Johnson Survives Greene’s Ouster Attempt as Democrats Join G.O.P. to Kill It

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Speaker Mike Johnson on Wednesday easily batted down an attempt by Representative Marjorie Taylor Greene of Georgia to oust him from his post, after Democrats linked arms with most Republicans to fend off a second attempt by G.O.P. hard-liners to strip the gavel from their party leader.

The vote to kill the effort was an overwhelming 359 to 43, with seven voting “present.” Democrats flocked to Mr. Johnson’s rescue, with all but 39 of them voting with Republicans to block the effort to oust him.

Members of the minority party in the House have never propped up the other party’s speaker, and when the last Republican to hold the post, Kevin McCarthy, faced a removal vote last fall, Democrats voted en masse to allow the motion to move forward and then to jettison him, helping lead to his historic ouster.

This time, the Democratic support made the critical difference, allowing Mr. Johnson, who has a minuscule majority, to avoid a removal vote altogether. While for weeks Ms. Greene had appeared to be on a political island in her drive to get rid of yet another G.O.P. speaker, 11 Republicans ultimately voted to allow her motion to move forward.

That was the same number of Republicans who voted in October to allow the bid to remove Mr. McCarthy to advance — but back then, they were joined by every Democrat.

“I appreciate the show of confidence from my colleagues to defeat this misguided effort,” Mr. Johnson told reporters shortly after Wednesday’s vote. “As I’ve said from the beginning and I’ve made clear here every day, I intend to do my job. I intend to do what I believe to be the right thing, which is what I was elected to do, and I’ll let the chips fall where they may. In my view, that is leadership.”

“Hopefully,” he added, “this is the end of the personality politics and the frivolous character assassination that has defined the 118th Congress.”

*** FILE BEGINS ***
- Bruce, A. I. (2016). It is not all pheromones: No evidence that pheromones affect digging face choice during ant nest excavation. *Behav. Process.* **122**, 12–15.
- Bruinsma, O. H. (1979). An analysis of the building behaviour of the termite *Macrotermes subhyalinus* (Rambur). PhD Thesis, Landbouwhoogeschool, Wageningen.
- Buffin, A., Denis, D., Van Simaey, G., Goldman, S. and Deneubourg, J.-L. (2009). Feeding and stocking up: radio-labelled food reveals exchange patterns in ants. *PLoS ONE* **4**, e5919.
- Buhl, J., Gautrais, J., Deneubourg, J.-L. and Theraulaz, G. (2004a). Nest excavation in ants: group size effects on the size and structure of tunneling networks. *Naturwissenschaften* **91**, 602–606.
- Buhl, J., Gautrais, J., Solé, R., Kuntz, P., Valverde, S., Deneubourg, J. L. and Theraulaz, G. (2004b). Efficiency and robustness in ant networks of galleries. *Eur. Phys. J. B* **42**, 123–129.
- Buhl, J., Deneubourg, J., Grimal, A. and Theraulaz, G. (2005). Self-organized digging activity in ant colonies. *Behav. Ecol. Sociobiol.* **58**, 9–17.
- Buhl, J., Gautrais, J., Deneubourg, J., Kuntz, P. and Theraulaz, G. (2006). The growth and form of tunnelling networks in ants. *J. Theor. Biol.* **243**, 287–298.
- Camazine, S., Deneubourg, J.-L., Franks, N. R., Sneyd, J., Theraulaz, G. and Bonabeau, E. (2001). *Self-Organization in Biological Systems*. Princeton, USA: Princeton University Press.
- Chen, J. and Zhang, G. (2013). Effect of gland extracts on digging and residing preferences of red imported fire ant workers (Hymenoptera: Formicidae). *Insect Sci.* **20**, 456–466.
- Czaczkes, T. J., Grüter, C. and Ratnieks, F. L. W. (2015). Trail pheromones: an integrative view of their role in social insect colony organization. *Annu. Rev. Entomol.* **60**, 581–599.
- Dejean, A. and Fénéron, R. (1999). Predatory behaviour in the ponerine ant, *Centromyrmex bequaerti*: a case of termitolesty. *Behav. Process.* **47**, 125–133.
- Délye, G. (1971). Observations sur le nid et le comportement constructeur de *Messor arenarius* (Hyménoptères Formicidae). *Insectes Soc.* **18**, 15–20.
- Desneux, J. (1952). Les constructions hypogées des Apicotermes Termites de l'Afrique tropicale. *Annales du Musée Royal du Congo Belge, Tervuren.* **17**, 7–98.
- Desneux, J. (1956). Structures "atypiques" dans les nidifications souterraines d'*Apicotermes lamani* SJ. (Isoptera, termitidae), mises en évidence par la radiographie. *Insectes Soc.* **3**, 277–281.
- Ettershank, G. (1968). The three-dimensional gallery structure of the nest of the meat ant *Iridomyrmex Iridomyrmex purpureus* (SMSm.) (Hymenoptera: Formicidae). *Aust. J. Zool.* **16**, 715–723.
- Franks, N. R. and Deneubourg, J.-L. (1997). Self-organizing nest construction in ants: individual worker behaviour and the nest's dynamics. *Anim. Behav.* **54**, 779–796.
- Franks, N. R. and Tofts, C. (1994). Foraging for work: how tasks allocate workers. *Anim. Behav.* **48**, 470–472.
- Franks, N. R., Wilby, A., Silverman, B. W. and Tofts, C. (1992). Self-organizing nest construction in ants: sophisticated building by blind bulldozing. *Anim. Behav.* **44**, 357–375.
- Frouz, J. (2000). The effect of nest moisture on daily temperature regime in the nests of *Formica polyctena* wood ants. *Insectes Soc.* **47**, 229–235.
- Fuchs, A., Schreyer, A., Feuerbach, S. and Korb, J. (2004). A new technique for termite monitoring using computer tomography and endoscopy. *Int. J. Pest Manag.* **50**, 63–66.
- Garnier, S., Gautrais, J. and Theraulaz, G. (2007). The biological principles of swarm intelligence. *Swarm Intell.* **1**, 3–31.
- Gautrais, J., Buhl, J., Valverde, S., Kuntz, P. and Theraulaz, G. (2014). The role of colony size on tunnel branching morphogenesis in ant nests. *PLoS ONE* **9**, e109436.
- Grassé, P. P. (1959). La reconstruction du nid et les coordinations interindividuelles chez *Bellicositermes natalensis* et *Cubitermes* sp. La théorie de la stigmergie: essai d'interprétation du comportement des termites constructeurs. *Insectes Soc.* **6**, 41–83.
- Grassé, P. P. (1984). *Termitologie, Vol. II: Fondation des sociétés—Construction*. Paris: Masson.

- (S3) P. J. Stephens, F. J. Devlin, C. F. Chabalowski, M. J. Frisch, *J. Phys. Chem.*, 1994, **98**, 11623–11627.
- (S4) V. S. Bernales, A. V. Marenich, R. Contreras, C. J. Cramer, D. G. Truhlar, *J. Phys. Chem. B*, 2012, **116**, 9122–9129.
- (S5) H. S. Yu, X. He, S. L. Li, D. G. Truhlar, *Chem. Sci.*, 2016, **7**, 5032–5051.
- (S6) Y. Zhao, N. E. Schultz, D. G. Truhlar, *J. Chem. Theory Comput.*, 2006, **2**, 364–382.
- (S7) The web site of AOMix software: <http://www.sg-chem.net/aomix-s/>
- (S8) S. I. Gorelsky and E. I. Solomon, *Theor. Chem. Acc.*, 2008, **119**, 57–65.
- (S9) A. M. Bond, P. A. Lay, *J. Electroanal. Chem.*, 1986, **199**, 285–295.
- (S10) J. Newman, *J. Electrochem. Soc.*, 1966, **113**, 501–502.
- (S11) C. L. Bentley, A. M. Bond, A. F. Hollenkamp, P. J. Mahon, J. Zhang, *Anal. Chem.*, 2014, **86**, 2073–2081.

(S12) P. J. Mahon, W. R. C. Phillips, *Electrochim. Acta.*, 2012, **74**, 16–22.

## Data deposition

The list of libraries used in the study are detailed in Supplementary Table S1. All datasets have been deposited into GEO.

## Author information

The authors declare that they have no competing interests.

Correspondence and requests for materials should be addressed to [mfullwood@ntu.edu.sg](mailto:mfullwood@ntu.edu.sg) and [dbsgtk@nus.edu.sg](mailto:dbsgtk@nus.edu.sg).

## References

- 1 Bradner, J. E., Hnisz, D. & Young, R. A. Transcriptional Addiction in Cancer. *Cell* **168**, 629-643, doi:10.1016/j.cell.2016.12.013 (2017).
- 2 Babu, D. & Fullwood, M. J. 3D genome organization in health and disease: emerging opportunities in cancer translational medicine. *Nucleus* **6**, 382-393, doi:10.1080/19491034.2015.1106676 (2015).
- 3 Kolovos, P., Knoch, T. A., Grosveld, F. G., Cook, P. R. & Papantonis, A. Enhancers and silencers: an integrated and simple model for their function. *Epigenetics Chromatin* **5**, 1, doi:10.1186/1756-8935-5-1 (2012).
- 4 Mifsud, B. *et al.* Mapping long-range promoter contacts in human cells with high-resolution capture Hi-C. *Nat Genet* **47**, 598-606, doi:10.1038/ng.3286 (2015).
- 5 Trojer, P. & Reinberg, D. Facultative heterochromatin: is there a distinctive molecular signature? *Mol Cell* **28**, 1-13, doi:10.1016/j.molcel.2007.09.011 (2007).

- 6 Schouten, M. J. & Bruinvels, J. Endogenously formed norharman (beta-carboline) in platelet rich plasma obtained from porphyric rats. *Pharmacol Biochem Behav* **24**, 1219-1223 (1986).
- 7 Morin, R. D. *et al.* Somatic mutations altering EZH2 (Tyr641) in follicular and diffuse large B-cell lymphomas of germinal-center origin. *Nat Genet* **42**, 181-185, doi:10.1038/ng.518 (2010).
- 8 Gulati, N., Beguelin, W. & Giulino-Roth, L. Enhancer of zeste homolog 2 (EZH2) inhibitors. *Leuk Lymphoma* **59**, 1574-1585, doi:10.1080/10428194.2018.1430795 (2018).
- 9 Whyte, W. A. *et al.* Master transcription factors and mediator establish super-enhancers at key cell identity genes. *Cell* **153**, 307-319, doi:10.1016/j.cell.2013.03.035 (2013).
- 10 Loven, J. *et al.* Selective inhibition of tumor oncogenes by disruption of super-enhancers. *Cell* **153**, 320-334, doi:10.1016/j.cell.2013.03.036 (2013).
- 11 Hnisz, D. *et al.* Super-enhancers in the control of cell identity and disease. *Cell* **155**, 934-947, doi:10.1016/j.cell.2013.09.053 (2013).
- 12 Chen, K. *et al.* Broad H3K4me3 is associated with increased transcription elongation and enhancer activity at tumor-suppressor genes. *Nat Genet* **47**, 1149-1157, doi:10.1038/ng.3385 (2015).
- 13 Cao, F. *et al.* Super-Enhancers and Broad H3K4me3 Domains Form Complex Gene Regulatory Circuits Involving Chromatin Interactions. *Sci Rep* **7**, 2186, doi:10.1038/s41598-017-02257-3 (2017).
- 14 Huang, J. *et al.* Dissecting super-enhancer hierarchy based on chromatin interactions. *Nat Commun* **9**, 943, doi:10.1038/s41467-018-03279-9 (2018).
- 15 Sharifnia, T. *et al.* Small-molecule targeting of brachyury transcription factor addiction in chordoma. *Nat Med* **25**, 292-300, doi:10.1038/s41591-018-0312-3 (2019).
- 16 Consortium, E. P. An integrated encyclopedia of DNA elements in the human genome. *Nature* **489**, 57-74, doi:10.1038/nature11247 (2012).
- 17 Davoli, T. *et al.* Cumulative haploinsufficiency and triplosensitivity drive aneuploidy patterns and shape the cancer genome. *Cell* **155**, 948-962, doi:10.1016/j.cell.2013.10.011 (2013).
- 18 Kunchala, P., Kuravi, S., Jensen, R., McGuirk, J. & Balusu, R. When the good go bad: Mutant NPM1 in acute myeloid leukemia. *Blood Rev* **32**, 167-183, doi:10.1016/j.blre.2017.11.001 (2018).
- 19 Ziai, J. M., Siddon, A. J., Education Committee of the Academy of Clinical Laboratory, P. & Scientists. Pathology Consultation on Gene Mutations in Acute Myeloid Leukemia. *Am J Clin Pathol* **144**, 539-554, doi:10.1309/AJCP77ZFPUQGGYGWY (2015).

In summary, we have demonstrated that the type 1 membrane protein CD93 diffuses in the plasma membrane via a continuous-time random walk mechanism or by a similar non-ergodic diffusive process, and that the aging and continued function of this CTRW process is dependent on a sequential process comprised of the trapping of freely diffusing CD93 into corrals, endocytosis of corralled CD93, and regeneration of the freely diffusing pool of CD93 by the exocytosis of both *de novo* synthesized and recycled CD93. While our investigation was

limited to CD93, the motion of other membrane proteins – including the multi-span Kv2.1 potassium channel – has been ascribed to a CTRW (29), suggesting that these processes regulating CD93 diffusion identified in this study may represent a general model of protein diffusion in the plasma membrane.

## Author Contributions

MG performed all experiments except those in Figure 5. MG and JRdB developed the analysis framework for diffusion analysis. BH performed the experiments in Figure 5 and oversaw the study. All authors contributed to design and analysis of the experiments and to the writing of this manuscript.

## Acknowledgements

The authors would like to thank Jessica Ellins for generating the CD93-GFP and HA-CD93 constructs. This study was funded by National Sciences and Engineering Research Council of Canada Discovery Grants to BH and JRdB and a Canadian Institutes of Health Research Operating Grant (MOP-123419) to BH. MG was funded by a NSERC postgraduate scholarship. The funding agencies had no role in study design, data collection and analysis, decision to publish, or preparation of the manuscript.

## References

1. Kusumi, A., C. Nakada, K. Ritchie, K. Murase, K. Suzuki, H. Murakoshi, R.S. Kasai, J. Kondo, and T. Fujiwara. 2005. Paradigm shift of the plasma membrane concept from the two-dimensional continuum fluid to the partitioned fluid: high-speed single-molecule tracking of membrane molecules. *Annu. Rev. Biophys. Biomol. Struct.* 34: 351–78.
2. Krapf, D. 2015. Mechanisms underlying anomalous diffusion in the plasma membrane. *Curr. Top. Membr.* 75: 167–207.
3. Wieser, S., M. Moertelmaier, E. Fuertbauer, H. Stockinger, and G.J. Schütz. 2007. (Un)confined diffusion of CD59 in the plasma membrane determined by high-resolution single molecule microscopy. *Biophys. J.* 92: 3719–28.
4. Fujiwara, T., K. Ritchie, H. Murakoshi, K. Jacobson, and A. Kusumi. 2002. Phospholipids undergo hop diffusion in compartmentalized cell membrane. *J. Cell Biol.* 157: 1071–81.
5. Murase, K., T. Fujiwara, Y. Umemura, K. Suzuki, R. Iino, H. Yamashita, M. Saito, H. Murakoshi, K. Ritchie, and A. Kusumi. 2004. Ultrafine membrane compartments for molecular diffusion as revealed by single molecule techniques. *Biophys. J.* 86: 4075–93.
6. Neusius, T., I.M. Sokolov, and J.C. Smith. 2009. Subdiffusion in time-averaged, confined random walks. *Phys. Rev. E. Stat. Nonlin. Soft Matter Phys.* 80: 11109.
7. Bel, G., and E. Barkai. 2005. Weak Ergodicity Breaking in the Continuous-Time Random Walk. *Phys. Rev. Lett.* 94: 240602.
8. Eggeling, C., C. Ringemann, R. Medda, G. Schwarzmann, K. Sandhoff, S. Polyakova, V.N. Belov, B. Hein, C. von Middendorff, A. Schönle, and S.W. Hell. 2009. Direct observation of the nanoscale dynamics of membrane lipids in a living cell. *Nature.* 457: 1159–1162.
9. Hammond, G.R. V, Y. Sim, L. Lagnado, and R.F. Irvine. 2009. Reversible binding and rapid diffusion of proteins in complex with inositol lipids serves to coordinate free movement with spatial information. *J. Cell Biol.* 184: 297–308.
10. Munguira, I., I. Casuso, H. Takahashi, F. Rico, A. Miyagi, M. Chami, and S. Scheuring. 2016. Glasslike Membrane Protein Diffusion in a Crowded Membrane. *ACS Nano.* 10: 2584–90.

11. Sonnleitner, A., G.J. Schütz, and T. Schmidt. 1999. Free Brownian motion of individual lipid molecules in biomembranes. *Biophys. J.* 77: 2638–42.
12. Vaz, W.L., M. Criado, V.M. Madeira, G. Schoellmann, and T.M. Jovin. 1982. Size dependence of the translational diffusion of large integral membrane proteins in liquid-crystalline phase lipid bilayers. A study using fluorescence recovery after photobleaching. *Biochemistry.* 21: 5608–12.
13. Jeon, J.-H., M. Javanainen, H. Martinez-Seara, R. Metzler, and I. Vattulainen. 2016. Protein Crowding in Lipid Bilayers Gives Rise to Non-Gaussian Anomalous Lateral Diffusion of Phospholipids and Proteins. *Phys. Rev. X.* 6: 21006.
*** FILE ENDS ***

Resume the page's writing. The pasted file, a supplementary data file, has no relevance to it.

The lopsided vote solidified the dynamic that has defined Mr. Johnson’s speakership, like Mr. McCarthy’s before him: Each time the Republican leader has been faced with a critical task, such as averting a government shutdown or a catastrophic default on the nation’s debt, he has relied on a bipartisan coalition of mainstream lawmakers to steer around far-right opposition and provide the votes to accomplish it.

The result has been the empowerment of Democrats at the expense of the hard right, the very phenomenon that Ms. Greene raged against as she rose on the House floor on Wednesday — drawing boos from some of her colleagues — to lay out a scathing case against Mr. Johnson and what she called the “uniparty” he empowered.

“Our decision to stop Marjorie Taylor Greene from plunging the House of Representatives and the country into further chaos is rooted in our commitment to solve problems for everyday Americans in a bipartisan manner,” Representative Hakeem Jeffries of New York, the Democratic leader, told reporters shortly after the vote. “We will continue to govern in a reasonable, responsible and results-oriented fashion, and put people over politics all day and every day.”

Ms. Greene’s move to oust Mr. Johnson came roughly three weeks after the speaker pushed through a long-stalled $95 billion national security spending package to aid Israel, Ukraine and other American allies over the objections of Ms. Greene and other right-wing Republicans who staunchly opposed sending additional aid to Kyiv.

Lawmakers loudly jeered Ms. Greene as she called up the resolution and read it aloud. As she recited the measure, a screed that lasted more than 10 minutes, Republicans lined up on the House floor to shake Mr. Johnson’s hand and pat him on the back.

“Given a choice between advancing Republican priorities or allying with Democrats to preserve his own personal power, Johnson regularly chooses to ally himself with Democrats,” Ms. Greene said, reading from her resolution.

She concluded with the official call for his removal: “Now, therefore be it resolved that the office of the speaker of the House of Representatives is hereby declared to be vacant.”